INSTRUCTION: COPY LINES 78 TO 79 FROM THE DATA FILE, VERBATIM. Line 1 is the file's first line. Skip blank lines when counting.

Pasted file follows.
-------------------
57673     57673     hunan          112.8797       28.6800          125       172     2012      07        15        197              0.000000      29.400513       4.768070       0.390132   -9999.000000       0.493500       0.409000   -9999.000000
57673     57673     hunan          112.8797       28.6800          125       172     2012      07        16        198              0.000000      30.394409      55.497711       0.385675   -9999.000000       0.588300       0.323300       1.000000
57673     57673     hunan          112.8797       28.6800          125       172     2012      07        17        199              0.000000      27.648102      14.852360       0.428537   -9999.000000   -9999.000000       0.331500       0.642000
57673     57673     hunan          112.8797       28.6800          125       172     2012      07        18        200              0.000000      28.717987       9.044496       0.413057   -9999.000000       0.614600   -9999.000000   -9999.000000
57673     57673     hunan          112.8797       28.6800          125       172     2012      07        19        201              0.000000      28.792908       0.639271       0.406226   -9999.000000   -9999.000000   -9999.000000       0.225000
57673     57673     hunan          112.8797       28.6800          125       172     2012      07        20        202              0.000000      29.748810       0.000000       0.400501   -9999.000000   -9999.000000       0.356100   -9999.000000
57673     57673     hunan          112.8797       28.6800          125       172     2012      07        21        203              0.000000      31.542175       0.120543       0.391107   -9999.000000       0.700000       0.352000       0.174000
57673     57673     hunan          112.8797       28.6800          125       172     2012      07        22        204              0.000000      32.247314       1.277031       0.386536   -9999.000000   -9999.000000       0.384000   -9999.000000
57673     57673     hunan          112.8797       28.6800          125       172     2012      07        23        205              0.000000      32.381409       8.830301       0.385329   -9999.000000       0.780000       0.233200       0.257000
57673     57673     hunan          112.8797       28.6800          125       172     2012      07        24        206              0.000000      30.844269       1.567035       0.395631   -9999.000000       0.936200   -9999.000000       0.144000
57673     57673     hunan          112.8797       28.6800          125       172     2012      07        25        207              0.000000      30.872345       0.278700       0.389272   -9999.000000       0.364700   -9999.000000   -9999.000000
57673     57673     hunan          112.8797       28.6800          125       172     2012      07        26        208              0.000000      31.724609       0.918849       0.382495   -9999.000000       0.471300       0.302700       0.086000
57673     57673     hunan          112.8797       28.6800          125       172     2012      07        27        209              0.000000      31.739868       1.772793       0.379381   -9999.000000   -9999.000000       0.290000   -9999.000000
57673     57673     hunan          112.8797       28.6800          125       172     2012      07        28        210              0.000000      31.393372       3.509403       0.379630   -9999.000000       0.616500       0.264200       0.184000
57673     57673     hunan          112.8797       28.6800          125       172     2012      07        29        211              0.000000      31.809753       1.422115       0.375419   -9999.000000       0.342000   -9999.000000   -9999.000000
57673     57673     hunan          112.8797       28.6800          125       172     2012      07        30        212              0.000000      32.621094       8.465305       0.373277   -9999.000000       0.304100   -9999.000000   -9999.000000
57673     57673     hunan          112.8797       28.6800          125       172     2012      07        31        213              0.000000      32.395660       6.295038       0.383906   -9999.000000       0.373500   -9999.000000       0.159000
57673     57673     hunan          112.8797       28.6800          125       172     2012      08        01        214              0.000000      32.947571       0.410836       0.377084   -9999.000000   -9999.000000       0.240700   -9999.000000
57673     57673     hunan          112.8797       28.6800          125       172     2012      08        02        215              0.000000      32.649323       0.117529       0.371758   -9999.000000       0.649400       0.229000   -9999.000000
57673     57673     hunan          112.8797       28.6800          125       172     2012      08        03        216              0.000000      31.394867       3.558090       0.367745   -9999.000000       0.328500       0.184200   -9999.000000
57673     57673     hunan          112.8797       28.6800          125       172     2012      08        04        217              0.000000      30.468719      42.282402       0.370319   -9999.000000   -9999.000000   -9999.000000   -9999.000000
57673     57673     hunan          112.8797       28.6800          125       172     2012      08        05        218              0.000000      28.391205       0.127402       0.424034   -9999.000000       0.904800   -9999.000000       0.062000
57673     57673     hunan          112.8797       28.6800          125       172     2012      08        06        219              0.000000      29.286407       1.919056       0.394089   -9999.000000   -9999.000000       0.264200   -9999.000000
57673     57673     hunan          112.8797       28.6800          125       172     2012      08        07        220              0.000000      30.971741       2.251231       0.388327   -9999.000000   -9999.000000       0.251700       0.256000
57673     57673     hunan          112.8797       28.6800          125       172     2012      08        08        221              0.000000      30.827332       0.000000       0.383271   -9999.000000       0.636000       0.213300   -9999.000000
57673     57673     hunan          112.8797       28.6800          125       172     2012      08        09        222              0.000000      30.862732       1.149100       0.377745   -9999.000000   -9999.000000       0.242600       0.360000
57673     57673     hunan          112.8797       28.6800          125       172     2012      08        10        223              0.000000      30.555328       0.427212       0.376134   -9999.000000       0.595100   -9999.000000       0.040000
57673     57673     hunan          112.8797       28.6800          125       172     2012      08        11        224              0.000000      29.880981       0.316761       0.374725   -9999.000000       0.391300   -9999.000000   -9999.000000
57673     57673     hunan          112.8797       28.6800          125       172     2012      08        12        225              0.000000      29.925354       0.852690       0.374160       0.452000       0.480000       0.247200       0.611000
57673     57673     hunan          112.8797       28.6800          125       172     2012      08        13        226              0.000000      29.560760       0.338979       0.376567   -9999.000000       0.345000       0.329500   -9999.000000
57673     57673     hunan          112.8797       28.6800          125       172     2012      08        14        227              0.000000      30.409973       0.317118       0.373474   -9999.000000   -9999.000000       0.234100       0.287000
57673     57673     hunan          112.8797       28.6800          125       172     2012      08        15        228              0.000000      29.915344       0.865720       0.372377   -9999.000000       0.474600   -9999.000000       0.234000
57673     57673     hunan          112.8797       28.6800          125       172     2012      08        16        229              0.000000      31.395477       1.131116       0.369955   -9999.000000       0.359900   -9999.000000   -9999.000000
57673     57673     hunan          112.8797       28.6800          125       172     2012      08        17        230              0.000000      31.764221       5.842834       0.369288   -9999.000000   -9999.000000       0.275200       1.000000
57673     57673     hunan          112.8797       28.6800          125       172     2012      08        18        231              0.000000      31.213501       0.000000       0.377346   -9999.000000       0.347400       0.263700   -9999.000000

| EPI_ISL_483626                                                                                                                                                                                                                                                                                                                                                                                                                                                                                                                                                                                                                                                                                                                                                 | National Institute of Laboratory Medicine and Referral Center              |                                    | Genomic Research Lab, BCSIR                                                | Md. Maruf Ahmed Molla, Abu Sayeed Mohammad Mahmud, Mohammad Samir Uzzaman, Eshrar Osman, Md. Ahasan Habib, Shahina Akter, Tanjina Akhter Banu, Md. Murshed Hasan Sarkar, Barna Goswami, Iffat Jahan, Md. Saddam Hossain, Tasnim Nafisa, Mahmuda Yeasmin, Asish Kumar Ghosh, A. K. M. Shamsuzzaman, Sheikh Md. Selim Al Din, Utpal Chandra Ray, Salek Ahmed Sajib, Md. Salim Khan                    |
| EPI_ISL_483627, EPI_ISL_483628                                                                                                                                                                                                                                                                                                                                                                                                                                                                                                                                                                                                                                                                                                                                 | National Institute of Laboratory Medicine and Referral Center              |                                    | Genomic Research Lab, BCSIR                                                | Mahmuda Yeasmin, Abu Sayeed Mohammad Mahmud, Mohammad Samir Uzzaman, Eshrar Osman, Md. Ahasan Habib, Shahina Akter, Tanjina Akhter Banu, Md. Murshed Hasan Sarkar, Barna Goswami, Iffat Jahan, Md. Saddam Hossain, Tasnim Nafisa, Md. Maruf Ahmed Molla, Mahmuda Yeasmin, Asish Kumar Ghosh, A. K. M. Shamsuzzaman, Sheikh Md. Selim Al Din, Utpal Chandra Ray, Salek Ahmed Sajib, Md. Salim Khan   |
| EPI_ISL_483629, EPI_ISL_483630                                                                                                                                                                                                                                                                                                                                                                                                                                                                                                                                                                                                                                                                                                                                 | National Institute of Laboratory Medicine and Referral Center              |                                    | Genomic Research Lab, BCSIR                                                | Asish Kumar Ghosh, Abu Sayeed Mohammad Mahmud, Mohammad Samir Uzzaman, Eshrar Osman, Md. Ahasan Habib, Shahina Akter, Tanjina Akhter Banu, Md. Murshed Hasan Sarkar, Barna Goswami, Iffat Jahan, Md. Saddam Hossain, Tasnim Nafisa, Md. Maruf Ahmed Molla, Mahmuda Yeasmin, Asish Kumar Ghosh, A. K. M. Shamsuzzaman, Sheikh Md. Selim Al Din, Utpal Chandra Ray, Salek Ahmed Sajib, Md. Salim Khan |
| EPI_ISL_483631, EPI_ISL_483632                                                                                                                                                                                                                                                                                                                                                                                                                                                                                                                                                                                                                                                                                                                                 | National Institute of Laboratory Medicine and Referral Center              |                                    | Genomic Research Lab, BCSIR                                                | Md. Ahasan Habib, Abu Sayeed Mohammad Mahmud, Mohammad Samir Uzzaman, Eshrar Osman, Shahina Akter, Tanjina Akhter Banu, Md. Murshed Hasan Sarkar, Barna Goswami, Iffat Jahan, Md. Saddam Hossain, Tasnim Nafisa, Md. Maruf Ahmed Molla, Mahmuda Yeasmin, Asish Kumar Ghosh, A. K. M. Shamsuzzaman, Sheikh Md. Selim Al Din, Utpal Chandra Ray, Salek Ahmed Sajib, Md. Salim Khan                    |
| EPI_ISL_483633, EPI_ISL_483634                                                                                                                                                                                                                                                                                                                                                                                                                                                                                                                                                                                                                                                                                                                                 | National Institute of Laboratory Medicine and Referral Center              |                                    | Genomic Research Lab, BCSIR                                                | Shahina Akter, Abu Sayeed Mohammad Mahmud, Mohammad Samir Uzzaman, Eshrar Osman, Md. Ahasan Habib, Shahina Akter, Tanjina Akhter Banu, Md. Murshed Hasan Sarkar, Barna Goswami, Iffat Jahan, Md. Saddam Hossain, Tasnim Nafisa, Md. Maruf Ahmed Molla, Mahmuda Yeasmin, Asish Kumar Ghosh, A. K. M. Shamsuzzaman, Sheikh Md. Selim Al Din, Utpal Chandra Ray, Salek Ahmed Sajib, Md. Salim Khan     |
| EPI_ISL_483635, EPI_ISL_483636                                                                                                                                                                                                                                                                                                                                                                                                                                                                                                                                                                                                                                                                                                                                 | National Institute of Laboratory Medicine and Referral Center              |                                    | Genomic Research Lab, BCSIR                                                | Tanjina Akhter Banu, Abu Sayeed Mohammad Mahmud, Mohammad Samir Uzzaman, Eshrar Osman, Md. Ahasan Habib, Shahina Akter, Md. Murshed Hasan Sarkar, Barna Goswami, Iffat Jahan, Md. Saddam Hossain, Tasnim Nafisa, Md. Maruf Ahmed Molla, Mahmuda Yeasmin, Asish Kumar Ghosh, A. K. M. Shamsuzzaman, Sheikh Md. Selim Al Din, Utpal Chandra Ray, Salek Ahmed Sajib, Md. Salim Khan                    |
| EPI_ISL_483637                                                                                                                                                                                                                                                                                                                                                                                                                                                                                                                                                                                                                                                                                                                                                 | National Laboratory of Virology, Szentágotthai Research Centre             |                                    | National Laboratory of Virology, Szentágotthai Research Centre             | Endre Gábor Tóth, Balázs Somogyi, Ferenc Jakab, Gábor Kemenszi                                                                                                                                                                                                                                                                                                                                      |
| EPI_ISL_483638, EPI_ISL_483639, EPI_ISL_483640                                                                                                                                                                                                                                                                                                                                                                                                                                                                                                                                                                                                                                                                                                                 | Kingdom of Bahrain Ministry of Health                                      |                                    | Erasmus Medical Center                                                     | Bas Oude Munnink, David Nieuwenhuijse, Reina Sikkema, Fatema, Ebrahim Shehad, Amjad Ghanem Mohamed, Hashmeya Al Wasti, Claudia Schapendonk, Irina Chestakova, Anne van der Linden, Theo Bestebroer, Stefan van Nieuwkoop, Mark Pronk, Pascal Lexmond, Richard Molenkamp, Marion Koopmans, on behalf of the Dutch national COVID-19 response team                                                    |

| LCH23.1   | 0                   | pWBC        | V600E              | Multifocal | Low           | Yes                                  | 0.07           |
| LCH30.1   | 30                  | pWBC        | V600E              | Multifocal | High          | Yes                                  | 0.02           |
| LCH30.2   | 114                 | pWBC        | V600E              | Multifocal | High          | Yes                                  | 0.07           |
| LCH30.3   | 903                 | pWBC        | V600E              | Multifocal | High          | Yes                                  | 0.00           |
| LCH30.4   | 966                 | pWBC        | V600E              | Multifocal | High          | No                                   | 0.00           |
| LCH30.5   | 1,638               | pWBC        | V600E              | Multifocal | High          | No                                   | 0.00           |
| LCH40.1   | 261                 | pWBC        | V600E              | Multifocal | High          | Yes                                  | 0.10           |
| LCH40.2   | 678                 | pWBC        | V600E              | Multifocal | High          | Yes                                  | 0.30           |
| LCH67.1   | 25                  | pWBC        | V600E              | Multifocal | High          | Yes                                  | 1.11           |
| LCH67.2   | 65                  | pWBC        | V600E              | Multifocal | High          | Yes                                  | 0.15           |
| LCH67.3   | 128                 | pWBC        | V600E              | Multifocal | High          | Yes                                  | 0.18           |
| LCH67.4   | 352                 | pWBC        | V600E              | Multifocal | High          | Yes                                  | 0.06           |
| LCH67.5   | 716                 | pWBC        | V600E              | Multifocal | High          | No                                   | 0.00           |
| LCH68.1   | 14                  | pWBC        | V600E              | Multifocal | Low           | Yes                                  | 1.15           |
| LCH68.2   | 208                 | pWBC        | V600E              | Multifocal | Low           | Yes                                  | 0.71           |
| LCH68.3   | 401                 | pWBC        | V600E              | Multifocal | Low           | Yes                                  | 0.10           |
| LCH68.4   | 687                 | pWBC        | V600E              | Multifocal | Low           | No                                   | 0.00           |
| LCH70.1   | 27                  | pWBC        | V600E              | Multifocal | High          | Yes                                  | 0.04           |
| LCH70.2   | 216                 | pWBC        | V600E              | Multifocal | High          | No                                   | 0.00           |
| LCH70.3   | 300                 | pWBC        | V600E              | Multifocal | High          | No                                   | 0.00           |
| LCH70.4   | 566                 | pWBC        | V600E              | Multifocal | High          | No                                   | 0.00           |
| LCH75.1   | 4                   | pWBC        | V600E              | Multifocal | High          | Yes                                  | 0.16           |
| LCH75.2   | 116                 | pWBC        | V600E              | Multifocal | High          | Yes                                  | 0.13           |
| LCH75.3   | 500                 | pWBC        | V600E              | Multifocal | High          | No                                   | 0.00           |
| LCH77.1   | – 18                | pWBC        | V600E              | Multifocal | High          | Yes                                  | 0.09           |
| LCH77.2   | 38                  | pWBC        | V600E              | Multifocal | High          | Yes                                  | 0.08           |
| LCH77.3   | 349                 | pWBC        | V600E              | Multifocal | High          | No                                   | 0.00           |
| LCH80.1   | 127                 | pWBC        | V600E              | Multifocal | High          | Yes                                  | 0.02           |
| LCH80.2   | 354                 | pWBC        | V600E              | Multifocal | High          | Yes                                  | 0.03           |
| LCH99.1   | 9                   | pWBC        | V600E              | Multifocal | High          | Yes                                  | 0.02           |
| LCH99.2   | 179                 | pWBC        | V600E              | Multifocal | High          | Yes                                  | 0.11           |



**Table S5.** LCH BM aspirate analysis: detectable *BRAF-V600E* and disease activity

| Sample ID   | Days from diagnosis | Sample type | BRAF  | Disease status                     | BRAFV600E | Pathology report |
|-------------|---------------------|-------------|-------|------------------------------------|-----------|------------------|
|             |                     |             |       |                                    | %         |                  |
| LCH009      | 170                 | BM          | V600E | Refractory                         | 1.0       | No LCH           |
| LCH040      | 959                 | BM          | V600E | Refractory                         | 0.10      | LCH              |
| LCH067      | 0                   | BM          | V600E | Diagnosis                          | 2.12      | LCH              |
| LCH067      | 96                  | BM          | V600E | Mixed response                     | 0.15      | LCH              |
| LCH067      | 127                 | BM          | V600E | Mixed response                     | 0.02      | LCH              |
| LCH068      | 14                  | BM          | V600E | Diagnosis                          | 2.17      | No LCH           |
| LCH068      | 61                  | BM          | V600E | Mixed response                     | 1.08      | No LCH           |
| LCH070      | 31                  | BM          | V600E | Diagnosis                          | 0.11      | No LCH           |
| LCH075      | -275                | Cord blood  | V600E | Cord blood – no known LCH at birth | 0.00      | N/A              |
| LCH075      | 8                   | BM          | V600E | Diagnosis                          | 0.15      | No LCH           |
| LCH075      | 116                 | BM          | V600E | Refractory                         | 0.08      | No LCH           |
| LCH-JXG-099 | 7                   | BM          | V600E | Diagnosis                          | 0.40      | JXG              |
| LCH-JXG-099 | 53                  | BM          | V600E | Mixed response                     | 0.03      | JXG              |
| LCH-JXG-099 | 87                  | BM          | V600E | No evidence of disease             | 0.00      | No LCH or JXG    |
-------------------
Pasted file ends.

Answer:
|             |                     |             |       |                                    | %         |                  |
| LCH009      | 170                 | BM          | V600E | Refractory                         | 1.0       | No LCH           |